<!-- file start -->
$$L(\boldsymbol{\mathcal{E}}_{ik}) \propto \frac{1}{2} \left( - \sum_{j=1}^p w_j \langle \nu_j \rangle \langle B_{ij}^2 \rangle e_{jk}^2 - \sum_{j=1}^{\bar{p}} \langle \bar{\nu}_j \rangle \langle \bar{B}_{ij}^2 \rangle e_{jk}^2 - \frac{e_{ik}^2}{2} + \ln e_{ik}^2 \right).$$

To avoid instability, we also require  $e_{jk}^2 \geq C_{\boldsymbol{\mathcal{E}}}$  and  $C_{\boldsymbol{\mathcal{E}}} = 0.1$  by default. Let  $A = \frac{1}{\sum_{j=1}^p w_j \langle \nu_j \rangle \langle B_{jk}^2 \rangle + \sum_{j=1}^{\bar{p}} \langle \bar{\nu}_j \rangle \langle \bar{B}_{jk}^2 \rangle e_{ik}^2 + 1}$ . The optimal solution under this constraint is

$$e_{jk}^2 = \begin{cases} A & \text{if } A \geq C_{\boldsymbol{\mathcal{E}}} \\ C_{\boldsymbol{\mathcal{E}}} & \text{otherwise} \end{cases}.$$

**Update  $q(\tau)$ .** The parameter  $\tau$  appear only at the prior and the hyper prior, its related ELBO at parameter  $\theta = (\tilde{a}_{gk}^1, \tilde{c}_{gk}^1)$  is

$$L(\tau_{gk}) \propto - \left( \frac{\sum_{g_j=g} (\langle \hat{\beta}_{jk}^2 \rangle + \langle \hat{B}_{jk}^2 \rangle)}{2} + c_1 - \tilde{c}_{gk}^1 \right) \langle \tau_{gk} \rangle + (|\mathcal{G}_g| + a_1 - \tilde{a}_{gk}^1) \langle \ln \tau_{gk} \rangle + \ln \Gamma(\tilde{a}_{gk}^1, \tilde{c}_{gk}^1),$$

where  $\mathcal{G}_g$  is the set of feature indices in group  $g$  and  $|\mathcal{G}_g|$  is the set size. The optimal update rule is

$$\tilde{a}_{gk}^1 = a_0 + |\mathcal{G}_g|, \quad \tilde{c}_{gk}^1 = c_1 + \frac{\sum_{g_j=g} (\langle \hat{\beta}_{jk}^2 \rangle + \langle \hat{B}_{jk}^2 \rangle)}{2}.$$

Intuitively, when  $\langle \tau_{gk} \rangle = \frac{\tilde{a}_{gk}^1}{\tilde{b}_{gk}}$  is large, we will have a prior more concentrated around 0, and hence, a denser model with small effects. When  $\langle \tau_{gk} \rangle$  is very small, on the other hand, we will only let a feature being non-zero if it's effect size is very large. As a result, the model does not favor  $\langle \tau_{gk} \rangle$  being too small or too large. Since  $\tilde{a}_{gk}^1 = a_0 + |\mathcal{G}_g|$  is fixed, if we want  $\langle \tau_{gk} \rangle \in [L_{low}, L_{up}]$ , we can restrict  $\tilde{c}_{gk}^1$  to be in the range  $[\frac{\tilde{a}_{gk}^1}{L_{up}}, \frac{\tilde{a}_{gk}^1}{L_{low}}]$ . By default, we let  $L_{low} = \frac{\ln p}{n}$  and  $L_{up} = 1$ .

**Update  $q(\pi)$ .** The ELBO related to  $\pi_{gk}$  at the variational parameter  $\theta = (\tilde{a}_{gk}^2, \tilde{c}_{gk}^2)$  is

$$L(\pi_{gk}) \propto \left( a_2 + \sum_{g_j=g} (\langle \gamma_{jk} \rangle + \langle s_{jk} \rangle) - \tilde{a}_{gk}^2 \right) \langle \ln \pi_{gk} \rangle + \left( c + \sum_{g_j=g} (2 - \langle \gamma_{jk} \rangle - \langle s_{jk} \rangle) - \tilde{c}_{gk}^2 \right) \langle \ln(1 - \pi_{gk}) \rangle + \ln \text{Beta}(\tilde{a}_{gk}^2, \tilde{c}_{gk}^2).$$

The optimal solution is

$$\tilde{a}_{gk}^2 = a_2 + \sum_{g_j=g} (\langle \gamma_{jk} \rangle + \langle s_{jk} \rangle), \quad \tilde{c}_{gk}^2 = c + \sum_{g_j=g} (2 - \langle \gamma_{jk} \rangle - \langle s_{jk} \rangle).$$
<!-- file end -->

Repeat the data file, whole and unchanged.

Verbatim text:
$$L(\boldsymbol{\mathcal{E}}_{ik}) \propto \frac{1}{2} \left( - \sum_{j=1}^p w_j \langle \nu_j \rangle \langle B_{ij}^2 \rangle e_{jk}^2 - \sum_{j=1}^{\bar{p}} \langle \bar{\nu}_j \rangle \langle \bar{B}_{ij}^2 \rangle e_{jk}^2 - \frac{e_{ik}^2}{2} + \ln e_{ik}^2 \right).$$

To avoid instability, we also require  $e_{jk}^2 \geq C_{\boldsymbol{\mathcal{E}}}$  and  $C_{\boldsymbol{\mathcal{E}}} = 0.1$  by default. Let  $A = \frac{1}{\sum_{j=1}^p w_j \langle \nu_j \rangle \langle B_{jk}^2 \rangle + \sum_{j=1}^{\bar{p}} \langle \bar{\nu}_j \rangle \langle \bar{B}_{jk}^2 \rangle e_{ik}^2 + 1}$ . The optimal solution under this constraint is

$$e_{jk}^2 = \begin{cases} A & \text{if } A \geq C_{\boldsymbol{\mathcal{E}}} \\ C_{\boldsymbol{\mathcal{E}}} & \text{otherwise} \end{cases}.$$

**Update  $q(\tau)$ .** The parameter  $\tau$  appear only at the prior and the hyper prior, its related ELBO at parameter  $\theta = (\tilde{a}_{gk}^1, \tilde{c}_{gk}^1)$  is

$$L(\tau_{gk}) \propto - \left( \frac{\sum_{g_j=g} (\langle \hat{\beta}_{jk}^2 \rangle + \langle \hat{B}_{jk}^2 \rangle)}{2} + c_1 - \tilde{c}_{gk}^1 \right) \langle \tau_{gk} \rangle + (|\mathcal{G}_g| + a_1 - \tilde{a}_{gk}^1) \langle \ln \tau_{gk} \rangle + \ln \Gamma(\tilde{a}_{gk}^1, \tilde{c}_{gk}^1),$$

where  $\mathcal{G}_g$  is the set of feature indices in group  $g$  and  $|\mathcal{G}_g|$  is the set size. The optimal update rule is

$$\tilde{a}_{gk}^1 = a_0 + |\mathcal{G}_g|, \quad \tilde{c}_{gk}^1 = c_1 + \frac{\sum_{g_j=g} (\langle \hat{\beta}_{jk}^2 \rangle + \langle \hat{B}_{jk}^2 \rangle)}{2}.$$

Intuitively, when  $\langle \tau_{gk} \rangle = \frac{\tilde{a}_{gk}^1}{\tilde{b}_{gk}}$  is large, we will have a prior more concentrated around 0, and hence, a denser model with small effects. When  $\langle \tau_{gk} \rangle$  is very small, on the other hand, we will only let a feature being non-zero if it's effect size is very large. As a result, the model does not favor  $\langle \tau_{gk} \rangle$  being too small or too large. Since  $\tilde{a}_{gk}^1 = a_0 + |\mathcal{G}_g|$  is fixed, if we want  $\langle \tau_{gk} \rangle \in [L_{low}, L_{up}]$ , we can restrict  $\tilde{c}_{gk}^1$  to be in the range  $[\frac{\tilde{a}_{gk}^1}{L_{up}}, \frac{\tilde{a}_{gk}^1}{L_{low}}]$ . By default, we let  $L_{low} = \frac{\ln p}{n}$  and  $L_{up} = 1$ .

**Update  $q(\pi)$ .** The ELBO related to  $\pi_{gk}$  at the variational parameter  $\theta = (\tilde{a}_{gk}^2, \tilde{c}_{gk}^2)$  is

$$L(\pi_{gk}) \propto \left( a_2 + \sum_{g_j=g} (\langle \gamma_{jk} \rangle + \langle s_{jk} \rangle) - \tilde{a}_{gk}^2 \right) \langle \ln \pi_{gk} \rangle + \left( c + \sum_{g_j=g} (2 - \langle \gamma_{jk} \rangle - \langle s_{jk} \rangle) - \tilde{c}_{gk}^2 \right) \langle \ln(1 - \pi_{gk}) \rangle + \ln \text{Beta}(\tilde{a}_{gk}^2, \tilde{c}_{gk}^2).$$

The optimal solution is

$$\tilde{a}_{gk}^2 = a_2 + \sum_{g_j=g} (\langle \gamma_{jk} \rangle + \langle s_{jk} \rangle), \quad \tilde{c}_{gk}^2 = c + \sum_{g_j=g} (2 - \langle \gamma_{jk} \rangle - \langle s_{jk} \rangle).$$